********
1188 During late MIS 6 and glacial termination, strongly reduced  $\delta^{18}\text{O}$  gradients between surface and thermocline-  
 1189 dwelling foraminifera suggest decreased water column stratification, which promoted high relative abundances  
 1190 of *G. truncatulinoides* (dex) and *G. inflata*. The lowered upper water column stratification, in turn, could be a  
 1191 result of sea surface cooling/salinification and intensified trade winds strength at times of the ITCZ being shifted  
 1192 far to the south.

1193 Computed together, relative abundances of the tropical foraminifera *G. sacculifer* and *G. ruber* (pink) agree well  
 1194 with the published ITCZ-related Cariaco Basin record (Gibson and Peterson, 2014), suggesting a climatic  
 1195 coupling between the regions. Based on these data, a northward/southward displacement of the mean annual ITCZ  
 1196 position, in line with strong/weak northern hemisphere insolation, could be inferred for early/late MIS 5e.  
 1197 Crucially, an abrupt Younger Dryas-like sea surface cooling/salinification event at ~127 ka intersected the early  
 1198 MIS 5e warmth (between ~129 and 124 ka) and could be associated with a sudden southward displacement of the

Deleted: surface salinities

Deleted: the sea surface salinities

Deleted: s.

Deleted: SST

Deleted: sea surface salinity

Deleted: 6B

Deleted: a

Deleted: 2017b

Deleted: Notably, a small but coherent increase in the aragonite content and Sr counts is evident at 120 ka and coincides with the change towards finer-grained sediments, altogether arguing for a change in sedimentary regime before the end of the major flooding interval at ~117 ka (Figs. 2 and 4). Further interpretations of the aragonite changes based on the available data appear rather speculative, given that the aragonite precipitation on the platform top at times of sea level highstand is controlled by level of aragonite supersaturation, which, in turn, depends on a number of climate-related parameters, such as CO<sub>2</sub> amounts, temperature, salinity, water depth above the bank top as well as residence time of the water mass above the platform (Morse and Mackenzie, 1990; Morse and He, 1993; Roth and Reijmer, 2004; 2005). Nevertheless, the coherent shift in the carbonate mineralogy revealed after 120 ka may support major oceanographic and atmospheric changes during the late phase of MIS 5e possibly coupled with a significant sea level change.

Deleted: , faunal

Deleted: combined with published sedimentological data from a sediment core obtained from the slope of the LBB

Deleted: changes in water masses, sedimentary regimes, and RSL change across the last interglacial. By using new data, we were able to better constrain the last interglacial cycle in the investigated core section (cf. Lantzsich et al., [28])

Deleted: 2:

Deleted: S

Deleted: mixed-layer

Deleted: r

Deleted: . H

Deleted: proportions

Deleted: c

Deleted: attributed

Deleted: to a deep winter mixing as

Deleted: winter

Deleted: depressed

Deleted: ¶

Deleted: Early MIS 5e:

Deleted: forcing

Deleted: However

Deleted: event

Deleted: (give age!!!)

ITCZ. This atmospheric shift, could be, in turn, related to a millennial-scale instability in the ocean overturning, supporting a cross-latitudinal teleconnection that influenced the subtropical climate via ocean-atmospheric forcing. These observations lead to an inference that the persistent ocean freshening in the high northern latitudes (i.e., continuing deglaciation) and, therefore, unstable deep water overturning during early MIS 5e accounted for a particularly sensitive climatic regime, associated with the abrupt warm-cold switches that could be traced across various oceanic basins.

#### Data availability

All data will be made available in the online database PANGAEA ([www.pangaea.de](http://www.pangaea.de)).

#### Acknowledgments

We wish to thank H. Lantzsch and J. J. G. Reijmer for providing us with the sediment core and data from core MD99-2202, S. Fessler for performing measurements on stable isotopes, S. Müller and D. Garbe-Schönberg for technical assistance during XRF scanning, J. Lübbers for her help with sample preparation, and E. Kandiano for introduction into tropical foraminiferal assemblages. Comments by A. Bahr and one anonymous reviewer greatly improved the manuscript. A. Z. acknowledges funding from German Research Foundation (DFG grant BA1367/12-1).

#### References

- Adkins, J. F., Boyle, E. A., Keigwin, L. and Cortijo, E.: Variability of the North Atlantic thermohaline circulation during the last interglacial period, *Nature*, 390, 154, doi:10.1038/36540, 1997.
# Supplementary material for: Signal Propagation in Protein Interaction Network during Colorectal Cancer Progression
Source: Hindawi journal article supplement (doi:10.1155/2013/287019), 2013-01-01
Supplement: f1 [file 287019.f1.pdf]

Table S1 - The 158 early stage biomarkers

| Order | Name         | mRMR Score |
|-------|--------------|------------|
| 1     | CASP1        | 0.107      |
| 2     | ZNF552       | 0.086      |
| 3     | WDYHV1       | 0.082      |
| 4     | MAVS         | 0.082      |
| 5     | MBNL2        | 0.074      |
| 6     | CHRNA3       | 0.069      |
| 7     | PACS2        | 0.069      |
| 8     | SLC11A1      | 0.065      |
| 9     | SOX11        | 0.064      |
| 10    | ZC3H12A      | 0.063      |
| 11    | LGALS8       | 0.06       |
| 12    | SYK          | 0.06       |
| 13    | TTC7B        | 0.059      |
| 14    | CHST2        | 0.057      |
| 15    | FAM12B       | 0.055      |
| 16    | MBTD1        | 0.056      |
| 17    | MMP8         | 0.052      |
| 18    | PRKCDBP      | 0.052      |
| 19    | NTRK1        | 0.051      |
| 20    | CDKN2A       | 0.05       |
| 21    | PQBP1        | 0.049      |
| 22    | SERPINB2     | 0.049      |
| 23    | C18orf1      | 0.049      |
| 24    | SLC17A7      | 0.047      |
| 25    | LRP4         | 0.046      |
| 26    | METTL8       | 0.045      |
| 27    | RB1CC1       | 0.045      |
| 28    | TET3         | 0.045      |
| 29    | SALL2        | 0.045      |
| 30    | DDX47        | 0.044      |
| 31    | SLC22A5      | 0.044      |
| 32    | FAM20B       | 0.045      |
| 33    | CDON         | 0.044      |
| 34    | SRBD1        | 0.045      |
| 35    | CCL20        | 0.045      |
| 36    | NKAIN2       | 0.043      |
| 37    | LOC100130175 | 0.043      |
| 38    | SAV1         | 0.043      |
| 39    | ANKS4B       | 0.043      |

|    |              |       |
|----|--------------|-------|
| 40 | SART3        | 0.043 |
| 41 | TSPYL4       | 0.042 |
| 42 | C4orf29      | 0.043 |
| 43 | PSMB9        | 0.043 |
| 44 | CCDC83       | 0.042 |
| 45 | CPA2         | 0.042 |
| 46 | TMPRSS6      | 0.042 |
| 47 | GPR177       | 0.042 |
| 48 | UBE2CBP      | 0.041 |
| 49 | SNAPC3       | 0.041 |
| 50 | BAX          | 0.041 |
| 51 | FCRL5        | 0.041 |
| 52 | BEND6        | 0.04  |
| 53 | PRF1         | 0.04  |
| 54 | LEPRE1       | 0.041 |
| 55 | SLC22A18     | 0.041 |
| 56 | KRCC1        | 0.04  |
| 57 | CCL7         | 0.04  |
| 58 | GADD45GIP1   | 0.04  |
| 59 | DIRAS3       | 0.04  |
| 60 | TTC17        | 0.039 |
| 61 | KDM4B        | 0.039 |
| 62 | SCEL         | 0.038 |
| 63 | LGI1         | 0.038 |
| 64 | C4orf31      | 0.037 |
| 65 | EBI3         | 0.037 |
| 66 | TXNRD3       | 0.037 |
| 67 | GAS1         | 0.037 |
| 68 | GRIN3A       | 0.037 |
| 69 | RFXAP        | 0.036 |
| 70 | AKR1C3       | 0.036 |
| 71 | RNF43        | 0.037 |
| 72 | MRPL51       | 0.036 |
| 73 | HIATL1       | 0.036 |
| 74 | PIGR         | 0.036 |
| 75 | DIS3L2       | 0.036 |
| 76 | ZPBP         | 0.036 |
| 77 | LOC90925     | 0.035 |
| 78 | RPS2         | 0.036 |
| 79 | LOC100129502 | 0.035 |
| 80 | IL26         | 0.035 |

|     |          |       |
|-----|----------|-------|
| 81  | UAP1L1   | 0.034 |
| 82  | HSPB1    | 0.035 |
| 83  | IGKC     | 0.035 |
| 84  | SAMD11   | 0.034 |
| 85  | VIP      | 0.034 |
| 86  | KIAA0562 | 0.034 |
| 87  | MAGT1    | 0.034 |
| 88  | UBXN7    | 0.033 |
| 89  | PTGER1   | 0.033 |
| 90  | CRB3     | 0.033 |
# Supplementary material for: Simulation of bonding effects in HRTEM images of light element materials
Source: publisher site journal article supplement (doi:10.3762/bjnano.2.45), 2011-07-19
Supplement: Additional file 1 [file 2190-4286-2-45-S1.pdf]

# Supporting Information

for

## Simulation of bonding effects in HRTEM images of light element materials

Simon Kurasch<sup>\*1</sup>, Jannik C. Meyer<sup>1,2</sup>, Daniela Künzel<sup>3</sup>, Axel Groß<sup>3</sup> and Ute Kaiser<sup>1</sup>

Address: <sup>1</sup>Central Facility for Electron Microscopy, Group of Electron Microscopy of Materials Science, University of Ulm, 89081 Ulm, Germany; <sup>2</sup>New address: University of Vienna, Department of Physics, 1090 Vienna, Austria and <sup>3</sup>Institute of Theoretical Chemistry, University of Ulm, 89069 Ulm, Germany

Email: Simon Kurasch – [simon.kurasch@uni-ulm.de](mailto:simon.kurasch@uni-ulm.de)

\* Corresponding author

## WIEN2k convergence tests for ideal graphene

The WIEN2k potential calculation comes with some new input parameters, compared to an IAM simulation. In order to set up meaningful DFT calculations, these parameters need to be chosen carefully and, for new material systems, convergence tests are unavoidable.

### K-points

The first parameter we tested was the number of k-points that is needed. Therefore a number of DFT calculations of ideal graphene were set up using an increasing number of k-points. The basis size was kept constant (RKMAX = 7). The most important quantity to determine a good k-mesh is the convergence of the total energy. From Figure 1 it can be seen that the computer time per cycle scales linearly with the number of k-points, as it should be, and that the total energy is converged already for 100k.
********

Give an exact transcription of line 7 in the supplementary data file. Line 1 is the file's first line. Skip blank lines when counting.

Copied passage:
 1194 with the published ITCZ-related Cariaco Basin record (Gibson and Peterson, 2014), suggesting a climatic  